1. The question in this appeal is, whether the deed of gift passed by the plaintiff-appellant Annu and her deceased mother-in-law Bai Tanu in favour of Haribai, the deceased wife of the defendant Shripati, is valid. The following genealogical tree shows the relationship of the parties:-
Bhiku = Tanu---------------------------------------------------------| | |Anu = Mukunda Tukaram Haribai = Shripati
2. The property in suit originally belonged to Bhiku, who died leaving two sons, Mukunda and Tukaram and a daughter Haribai. On his death, it was enjoyed by the joint Hindu family consisting of his two sons. Mukunda died first, and Tukaram twelve days later, on August 14, 1907, the estate then vesting in Tanu as Tukaram's heir. On November 23, 1910, Tanu and Annu passed a deed of gift now in question in favour of Haribai. The important recitals of the deed of gift are as follows :-
The husbands of both of us are dead ; neither of us have any children. You are always looking after us and we are confident you will continue to look after us, We have no other heirs. Remembering all these things we pass a deed of gift. The property of this description has been handed into your possession to-day. You and your heirs will continue to enjoy it. Neither we nor any of our heirs have any interest left in it now.
Possession of the property was given to Haribai on the date of the deed, and she continued in enjoyment till her death, the property being entered in her name in the record of rights.
3. In 1917, Haribai died and a year later Tanu. The present dispute arose between Annu and the present respondent Shripati, husband of Haribai. Annu sued to recover possession on the ground that she was the heir on the death of Haribai and that the deed of gift was void and had been obtained from her by misrepresentation. The defendant-respondent supported the deed and denied misrepresentation. Both the lower Courts held that misrepresentation was not proved. The trial Court held that the deed of gift was void on the ground that it was a transfer of a spes successionis under Section 6 of the Transfer of Property Act. In appeal, the learned Assistant Judge held that Annu's consent was an election which caused the present suit not to be maintainable and dismissed the suit. The plaintiff appeals.
4. It is argued for the appellant that the consent of a person who is not the next reversioner cannot act as an election and that the deed of gift to Haribai was void, the transfer being a spes successionis under Section 6 of the Transfer of Property Act. It is contended for the respondent that on the authority of Akkawa v. Sayadkhan Mithekhan ILR (1927) 51 Bom. 473, 29 Bom. L.R. 380 the appellant consented and is bound by her election.
5. No express issue was raised in the trial Court and there is no finding as to whether the property comprised the entire property of Bhiku. If it did, the deed of gift would be a valid and lawful acceleration, as was apparently conceded in argument in the trial Court; and the lower appellate Court has also treated the case on the footing that the donor remained in possession of some property, and that the property gifted was only a part of the estate of Bhiku. It is on this assumption that I propose to deal with this appeal.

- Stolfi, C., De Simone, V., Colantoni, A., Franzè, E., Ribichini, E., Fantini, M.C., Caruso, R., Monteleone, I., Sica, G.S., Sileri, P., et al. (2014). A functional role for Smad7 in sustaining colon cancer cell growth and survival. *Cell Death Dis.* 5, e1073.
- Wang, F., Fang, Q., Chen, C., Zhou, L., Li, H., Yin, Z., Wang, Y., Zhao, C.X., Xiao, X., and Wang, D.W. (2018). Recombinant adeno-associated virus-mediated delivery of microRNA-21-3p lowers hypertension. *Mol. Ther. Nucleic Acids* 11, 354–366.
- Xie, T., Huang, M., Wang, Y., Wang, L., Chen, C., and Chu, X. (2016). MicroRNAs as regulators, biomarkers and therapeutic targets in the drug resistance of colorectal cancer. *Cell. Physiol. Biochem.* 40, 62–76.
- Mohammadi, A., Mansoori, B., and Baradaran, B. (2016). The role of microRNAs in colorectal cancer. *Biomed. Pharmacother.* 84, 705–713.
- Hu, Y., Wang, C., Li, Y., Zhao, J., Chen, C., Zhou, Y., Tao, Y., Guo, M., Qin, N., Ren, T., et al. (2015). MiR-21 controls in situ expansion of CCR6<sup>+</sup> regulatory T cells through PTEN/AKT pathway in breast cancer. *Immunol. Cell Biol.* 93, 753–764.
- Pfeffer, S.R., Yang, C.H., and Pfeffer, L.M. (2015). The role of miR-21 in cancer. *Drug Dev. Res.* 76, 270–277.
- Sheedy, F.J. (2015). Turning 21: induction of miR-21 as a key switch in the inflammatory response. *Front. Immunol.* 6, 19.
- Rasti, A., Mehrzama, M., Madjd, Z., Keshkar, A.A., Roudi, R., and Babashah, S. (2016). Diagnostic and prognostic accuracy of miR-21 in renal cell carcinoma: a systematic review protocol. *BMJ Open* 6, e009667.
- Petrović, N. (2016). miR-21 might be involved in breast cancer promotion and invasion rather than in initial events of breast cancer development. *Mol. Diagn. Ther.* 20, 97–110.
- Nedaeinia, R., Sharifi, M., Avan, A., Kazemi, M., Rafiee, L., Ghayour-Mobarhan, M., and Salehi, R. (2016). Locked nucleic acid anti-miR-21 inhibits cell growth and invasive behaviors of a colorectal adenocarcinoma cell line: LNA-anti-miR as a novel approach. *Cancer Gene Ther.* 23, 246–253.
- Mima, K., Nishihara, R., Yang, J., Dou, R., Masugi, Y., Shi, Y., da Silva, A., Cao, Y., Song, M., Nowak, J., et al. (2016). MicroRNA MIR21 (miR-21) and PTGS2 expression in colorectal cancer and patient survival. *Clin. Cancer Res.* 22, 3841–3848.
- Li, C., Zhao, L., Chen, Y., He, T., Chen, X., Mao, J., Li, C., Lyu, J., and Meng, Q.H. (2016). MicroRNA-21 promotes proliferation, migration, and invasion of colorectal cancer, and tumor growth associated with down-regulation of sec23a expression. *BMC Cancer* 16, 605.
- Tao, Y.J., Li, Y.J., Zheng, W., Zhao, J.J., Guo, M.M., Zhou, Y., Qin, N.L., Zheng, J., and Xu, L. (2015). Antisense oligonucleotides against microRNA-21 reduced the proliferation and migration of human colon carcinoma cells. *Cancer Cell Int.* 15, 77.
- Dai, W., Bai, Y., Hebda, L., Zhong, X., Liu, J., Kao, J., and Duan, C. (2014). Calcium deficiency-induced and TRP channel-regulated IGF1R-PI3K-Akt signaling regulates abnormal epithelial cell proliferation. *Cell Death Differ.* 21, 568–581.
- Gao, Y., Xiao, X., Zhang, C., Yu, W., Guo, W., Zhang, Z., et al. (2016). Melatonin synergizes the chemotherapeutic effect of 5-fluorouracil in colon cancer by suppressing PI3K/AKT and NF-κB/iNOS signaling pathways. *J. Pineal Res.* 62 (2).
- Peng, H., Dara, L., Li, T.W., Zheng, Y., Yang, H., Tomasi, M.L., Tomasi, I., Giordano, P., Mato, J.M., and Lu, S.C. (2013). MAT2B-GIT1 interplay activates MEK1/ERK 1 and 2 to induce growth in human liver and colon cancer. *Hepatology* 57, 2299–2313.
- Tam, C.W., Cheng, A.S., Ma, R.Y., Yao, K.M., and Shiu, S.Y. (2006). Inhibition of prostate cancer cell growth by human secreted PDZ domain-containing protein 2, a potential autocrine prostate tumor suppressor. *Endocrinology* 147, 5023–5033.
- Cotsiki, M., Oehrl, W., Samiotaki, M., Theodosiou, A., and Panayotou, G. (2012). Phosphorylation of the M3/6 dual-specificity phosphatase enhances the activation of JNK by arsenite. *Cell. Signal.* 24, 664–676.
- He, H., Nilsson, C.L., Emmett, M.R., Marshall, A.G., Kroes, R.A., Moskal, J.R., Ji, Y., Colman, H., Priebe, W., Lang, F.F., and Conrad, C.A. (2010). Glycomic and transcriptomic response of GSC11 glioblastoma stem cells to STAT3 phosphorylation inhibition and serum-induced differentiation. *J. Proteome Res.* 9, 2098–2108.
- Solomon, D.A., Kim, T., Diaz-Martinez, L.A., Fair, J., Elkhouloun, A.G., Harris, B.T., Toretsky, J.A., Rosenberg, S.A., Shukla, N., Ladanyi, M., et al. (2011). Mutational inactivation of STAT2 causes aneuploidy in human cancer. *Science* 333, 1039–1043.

6. Section 6 of the Transfer of Property Act has, in my opinion, no application, The gift was by Tanu with the consent of Annu. To all intents and purposes, the argument is identical with the argument which succeeded in Bai Parvati v. Dayabhai Manohharam ILR (1919) 44 Bom. 488, 22 Bom. L.R. 704. Macleod C. J. and Shah J. who decided that case distinguished it in a subsequent decision in Basappa v. Fakirappa ILR (1921) 46 Bom. 292, 23 Bom. L.R. 1040, and held that the gift made by a Hindu widow of a portion of her husband's property with the consent of the next reversioner was valid on the principle of estoppel as against the particular reversioner, who consented to it. The authority of Bai Parvati v. Dayabhai Manchharam must be taken to have been still further weakened by the decision of the Full Bench in Akkawa v. Sayadkhan, affirming the principle in Basappa v. Fakirappa not indeed on the ground of estoppel on which it actually proceeded, but on the ground of election referred to by their Lordships of the Privy Council in Rangasami Gounden v. Nachiappa Gounden (1918) L.R. 46 I.S 72, 21 Bom. L.R. 640. The fact that in this case the gift was to the next reversioner Haribai with the consent of the other reversioner Annu is not, in my opinion, sufficient to render the principle of election by a reversioner any the less applicable-a view which derives support from a more recent decision of their Lordships of the Privy Council in Ramgowda Annagowda v. Bhausaheb (1927) L.R. 54 I. S 396, s.c. Bom. L.R. 1380. To all intents and purposes this was a family arrangement between the only three women who composed the family, Tanu the actual person in possession making the gift and placing the next reversioner Haribai in possession with the consent of the only other reversioner Annu, Haribai on her part consenting to maintain Tanu and Annu. There is no allegation in the present claim that Haribai during her life-time or on her death the present respondent failed to maintain Annu. The same view in regard to election is taken by the Full Bench of the Allahabad High Court in Fateh Singh v. Thakur Rukmini Ramanji Maharaj ILR (1923) All. 339 and it is in consonance with the earlier view of their Lordships of the Privy Council in Bajrangi Singh v. Manokarnika Bakhsh Singh (1907) L.R. 35 IndAp 1, 9 Bom. L.R. 1348 and in regard to the power of a more remote raversioner in Rani Anund Koer v. The Court of Wards . To put it shortly, it was open to the appellant to object to the deed of gift before or at the time it was made. On the contrary, she gave her consent to it when Tanu made it and allowed it to remain and presumably obtained maintenance under it from Haribai for fifteen years. Her own election precludes her from maintaining the present suit. The appeal fails and is dismissed with costs.